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Hassan Yussuff, newly elected president of the Canadian Labour Congress, is seen at the union’s convention Friday, May 9, 2014 in Montreal.Ryan Remiorz/The Canadian Press

The new president of the Canadian Labour Congress is vowing to shift the country's union movement back to its more militant roots – beginning with a campaign to oppose Ontario Conservative Leader Tim Hudak in the June provincial election.

Hassan Yussuff was elected president of the CLC on Thursday, defeating long-time president Ken Georgetti in voting conducted by more than 4,600 delegates representing unions across the country. The CLC is an umbrella group for Canadian unions representing 3.3 million workers.

Mr. Yussuff, a former auto industry mechanic who originally rose through the ranks of the Canadian Auto Workers Union, said Friday his campaign succeeded because labour leaders support his call for a change of tactics to become more aggressive toward employers and governments who are eroding the powers of unions.

"They feel the [labour] movement has to pull itself together and start to push back," Mr. Yussuff said in an interview. "There's a sense among the whole membership, including the private sector, that you've got to collectively start pushing back to change the direction, otherwise this movement is going to be in peril."

He said union leaders have long worked at the bargaining table to help solve problems, but they feel they have been too co-operative while watching their gains and legal rights be eroded.

"It's not going to get better if we don't start fighting back," he said.

A first target will be Mr. Hudak, who has pledged to "modernize labour laws," which union leaders fear will mean American-style anti-union legislation such as right-to-work laws that makes union membership and dues voluntary in a unionized shop. On the campaign trail Friday, Mr. Hudak announced he will eliminate 100,000 jobs from the Ontario public service if he becomes premier.

Mr. Yussuff said government leaders like Mr. Hudak must stop blaming government workers for public sector financial problems, and need to work with unions rather than "trying to destroy" the labour movement.

"We'll triple and re-double our efforts in the province of Ontario to ensure he does not become the premier of the province," he said.

One of Mr. Yussuff's first challenges will be to ensure he has united support among his own membership. The CLC's members were split almost equally in their support between Mr. Yussuff and Mr. Georgetti, who led the CLC for the past 15 years. The final tally came down to a difference of just 40 votes.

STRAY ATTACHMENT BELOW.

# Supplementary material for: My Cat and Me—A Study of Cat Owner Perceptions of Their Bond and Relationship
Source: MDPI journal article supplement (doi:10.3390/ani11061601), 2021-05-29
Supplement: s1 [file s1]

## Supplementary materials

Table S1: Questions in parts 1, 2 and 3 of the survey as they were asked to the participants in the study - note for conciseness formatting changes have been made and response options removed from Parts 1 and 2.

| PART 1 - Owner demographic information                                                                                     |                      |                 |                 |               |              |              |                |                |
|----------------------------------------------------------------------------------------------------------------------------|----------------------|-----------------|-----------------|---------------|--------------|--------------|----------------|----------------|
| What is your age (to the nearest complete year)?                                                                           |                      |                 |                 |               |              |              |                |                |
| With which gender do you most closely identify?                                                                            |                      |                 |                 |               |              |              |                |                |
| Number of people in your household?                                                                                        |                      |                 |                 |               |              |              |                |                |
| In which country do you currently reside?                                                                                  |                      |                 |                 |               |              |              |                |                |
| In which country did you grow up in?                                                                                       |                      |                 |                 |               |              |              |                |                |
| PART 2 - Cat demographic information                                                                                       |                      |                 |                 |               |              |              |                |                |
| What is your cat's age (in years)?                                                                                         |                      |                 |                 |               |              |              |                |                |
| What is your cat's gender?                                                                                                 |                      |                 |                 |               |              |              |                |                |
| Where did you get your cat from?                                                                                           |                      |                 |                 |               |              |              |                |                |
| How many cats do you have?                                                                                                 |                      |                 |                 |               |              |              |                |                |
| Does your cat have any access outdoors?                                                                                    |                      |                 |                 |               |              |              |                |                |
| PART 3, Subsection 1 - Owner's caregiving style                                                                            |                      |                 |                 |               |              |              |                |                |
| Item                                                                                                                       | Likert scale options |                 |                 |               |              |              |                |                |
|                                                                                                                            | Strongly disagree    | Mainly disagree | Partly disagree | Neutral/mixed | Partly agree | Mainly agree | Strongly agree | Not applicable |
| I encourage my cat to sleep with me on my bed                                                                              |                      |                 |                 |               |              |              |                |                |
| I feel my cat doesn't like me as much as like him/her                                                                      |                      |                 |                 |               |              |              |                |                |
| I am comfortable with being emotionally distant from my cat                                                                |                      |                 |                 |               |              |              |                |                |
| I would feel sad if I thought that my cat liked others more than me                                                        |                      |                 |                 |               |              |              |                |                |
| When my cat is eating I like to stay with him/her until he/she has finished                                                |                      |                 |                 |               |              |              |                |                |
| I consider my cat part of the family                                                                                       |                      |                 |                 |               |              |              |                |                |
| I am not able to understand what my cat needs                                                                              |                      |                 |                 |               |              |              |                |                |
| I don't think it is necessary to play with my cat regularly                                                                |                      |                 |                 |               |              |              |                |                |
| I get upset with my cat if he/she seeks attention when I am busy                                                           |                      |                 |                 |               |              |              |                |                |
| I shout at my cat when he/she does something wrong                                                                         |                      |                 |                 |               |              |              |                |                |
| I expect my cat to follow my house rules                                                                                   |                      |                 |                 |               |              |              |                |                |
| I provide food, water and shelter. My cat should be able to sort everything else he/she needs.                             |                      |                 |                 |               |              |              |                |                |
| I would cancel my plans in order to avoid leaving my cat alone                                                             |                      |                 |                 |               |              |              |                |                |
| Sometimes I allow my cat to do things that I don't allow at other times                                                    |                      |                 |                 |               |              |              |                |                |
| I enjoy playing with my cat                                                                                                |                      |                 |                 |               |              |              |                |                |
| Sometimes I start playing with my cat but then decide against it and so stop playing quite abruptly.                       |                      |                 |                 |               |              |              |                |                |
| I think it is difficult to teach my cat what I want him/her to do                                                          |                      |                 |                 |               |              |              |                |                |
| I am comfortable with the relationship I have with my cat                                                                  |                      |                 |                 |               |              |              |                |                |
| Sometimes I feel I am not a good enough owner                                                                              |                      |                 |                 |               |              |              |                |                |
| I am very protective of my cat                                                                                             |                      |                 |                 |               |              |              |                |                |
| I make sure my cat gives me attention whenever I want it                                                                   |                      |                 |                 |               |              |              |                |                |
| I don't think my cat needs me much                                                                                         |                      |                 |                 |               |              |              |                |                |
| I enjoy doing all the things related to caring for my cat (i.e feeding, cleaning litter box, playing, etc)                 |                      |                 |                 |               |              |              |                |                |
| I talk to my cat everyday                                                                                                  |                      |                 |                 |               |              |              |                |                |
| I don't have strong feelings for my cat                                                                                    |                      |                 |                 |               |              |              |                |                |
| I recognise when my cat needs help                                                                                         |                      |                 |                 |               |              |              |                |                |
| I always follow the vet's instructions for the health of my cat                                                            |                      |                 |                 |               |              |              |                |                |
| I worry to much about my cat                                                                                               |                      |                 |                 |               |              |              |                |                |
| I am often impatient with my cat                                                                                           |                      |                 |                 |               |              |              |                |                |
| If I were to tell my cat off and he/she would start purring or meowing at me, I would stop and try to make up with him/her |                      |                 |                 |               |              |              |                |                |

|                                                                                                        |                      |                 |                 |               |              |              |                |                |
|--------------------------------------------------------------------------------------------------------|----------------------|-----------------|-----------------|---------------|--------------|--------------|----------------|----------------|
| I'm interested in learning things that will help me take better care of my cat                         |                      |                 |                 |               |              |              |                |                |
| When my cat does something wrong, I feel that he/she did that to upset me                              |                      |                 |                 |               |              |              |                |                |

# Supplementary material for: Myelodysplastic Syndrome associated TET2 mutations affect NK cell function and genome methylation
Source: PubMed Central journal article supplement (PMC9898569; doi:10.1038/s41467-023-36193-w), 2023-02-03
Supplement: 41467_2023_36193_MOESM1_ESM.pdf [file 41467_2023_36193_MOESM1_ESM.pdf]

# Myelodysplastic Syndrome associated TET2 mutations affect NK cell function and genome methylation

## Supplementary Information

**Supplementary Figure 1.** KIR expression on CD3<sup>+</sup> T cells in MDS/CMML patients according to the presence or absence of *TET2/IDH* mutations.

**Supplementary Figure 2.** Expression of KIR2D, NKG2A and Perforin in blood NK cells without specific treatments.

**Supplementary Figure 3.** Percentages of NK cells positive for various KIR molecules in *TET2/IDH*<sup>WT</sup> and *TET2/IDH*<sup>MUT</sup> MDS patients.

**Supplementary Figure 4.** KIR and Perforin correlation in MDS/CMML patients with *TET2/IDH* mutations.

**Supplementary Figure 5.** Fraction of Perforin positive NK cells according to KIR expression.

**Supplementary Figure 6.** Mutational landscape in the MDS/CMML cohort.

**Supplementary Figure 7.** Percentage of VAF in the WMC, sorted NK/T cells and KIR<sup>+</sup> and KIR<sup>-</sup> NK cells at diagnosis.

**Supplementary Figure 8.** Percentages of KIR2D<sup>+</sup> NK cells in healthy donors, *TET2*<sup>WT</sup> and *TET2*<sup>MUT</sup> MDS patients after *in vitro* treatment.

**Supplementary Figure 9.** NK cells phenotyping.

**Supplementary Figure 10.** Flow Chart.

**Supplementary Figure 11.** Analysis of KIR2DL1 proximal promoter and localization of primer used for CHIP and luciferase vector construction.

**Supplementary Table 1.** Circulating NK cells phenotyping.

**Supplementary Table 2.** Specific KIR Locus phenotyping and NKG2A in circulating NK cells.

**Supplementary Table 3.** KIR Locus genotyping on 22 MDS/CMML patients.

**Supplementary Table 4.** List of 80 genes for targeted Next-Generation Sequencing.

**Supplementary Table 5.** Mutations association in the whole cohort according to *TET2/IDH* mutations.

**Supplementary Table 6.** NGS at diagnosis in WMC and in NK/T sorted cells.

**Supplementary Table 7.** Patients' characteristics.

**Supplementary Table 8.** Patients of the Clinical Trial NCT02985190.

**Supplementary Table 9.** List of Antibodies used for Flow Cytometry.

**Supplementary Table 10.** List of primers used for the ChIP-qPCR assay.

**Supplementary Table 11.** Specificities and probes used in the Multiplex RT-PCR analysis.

Mr. Yussuff said he was pleased he won support from both government sector and private sector unions -- as did Mr. Georgetti -- and the membership did not divide along those lines. Prominent union leaders who supported Mr. Yussuff included Unifor president Jerry Dias, Ontario Federation of Labour president Sid Ryan and Public Service Alliance of Canada president Robyn Benson.

Mr. Georgetti won the backing of Canadian Union of Public Employees national president Paul Moist, Ontario Public Service Employees Union president Smokey Thomas, United Steelworkers national director Ken Neumann, and United Food and Commercial Workers national president Paul Meinema.

Mr. Yussuff said the voting at the annual conference in Montreal was not a split among members, but a spirited debate that "rekindled democracy" in the CLC.

"They know I've always assisted every single one of them when there's a moment of need, and we will continue to have the same kind of relationship," he said.

Mr. Yussuff, who was born in the South American country of Guyana and is the first visible minority leader of the CLC, campaigned on a pledge to improve diversity and re-engage union members who have become distanced from the CLC.

His career began as a mechanic at a Toronto plant owned by manufacturer CanCar, where he quickly became active in the Canadian Auto Workers union and became plant chairperson after just a year on the job. He later moved to the General Motors Truck Centre as a mechanic, and was elected as the plant's union chairman. After joining the CAW as a staff member, he left in 1999 to become executive vice-president of the CLC.

He was elected secretary-treasurer of the CLC in 2002, where he has remained in the second-highest management position for 12 years.

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